We’ve been on the road for over a month and are starting to get really familiar with the strengths and weaknesses of our gear. Here’s a post of some of the things that are working out really well.

Big Agnes Insulated Air Core
Not even a week into our trip, Laura and I swapped out our sleeping pads from 3/4 inch pads to something thicker and warmer. If you’re going to sleep on something for an indefinite amount of time, it’s a worthy investment. We had considered the much-hyped Thermarest NeoAir, but after an in-store side by side test preferred the Big Agnes, primarily because the NeoAir seemed to use too thin of a material! Anecdotally, Laura and I met a couple two days ago at a Greek restaurant and we were talking equipment failures. Apparently, they bought NeoAir pads and about four days into their tour they sprung a leak!

GSI Kettle

Bringing a kettle seems like a bit of extravagance while roughing it, but for us, it has been immensely useful. The GSI kettle is smallish and lightweight. It nests with our pans and I can slip in a Trangia stove and our fire starting materials inside of it. We use it ONLY to boil water. In the past we would use a cooking pot to boil water and if it wasn’t cleaned well enough our morning coffee would also have a hint of corned beef – ewww. Now our coffee tastes like coffee and our tea tastes like tea. We also use it to warm up water for cleaning our cooking gear and for quick hand towel baths. Highly recommend it!

REI Quarter Dome T3 Tent

This tent continues to amaze us. We recently camped on a treeless bluff on San Juan County Park and it weathered the wind and rain beautifully. We have the older version of the tent which uses tent sleeves rather than hooks for the poles. The newer version appears to be a little roomier (which we lust over on occasion). Although it is just the two of us, we got the 3 person version of the tent so there would be plenty of room for our gear. If you’re going to live in a tent for an indefinite amount of time it’s worth the extra weight for the extra room.

Marmot DriClime Wind Shirt

We bought some DriClime gear after talking with Kent Peterson about the gear he brings on his tours. The whole trick to bike touring clothing is layers and the DriClime shirt is meant to provide a lightweight, windproof and warm layer. It isn’t waterproof, but the nature of the material allows it to dry very quickly. When combined with wool base layers you can achieve a warm “comfortable dampness” as Kent put it. So far, it has performed well. I usually throw it on after we stop riding to keep the warmth or on the top of a downhill. We haven’t used it in real heavy rains yet so we’ll see how that works.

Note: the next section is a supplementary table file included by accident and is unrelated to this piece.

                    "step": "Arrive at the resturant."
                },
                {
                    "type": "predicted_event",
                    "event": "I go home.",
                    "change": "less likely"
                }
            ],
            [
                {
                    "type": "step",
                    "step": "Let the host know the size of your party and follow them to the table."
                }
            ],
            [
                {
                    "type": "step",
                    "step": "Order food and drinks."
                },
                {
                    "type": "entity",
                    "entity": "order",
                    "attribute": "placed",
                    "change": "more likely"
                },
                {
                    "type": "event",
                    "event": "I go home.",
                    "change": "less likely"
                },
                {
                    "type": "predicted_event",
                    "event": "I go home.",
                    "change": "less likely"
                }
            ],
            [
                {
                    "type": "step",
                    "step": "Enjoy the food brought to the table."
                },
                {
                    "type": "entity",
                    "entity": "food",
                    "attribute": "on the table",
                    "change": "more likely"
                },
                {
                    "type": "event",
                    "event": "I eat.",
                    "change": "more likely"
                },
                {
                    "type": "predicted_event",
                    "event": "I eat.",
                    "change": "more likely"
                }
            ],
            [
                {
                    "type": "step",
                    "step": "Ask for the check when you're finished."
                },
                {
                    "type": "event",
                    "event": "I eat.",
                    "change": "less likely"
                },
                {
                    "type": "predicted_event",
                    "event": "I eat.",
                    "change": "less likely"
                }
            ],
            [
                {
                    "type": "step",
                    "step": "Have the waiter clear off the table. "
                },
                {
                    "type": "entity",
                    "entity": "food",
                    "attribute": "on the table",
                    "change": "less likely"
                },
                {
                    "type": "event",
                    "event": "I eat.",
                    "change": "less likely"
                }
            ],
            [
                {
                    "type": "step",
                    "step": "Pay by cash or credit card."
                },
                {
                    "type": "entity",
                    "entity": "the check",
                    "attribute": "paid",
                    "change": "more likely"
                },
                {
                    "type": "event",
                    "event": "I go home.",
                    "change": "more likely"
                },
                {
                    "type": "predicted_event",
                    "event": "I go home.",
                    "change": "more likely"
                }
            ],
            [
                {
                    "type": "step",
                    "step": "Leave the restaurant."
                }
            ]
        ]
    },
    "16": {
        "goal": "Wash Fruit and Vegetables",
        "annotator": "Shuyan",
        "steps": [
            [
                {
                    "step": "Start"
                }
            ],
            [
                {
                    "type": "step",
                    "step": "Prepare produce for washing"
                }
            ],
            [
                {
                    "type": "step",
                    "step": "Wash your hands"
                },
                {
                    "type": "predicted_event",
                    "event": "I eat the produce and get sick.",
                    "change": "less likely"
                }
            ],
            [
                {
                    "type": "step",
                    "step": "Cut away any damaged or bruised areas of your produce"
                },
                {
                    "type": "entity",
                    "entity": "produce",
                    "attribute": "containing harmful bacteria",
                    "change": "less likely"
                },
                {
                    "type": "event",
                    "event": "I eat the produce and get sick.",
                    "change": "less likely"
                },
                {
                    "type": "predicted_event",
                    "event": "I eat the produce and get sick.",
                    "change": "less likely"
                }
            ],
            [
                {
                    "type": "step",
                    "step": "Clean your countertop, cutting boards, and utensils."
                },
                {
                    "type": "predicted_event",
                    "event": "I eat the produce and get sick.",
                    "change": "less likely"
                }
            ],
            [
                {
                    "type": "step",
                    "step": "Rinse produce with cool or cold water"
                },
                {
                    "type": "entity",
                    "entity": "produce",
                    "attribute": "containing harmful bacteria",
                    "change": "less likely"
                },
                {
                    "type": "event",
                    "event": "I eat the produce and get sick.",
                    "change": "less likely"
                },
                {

Ibex Arm Warms and Leg Warmers
I’ll be frank and say that I love these things. For the most part when I’m riding, my core stays plenty warm and I get chilled from my arms and legs. When I throw these on, it insulates me from the wind and keeps me pretty warm. The wool is a blend with some stretchy material so it stays pretty snug and has a nice compression affect on the muscles. The leg warmers are a good way to turn regular cycling shorts into almost wool cycling shorts (though I still lust for the wool ones on occasion…like now). I usually keep these tucked in a front pannier so I can put them on or take them off without getting off the bike. Remember it’s all about layers!

That’s it for now. If you have any specific gear questions send them in! As a side note and in the spirit of full disclosure, Laura and I started an AvantLink affiliate account so if you purchase any gear from the links on the site (like the ones above) we’ll get a small (very small) percentage – but you’ll be supporting the site and our trip. We can promise you though that we’ll talk about the gear candidly and won’t recommend things that we don’t really believe in.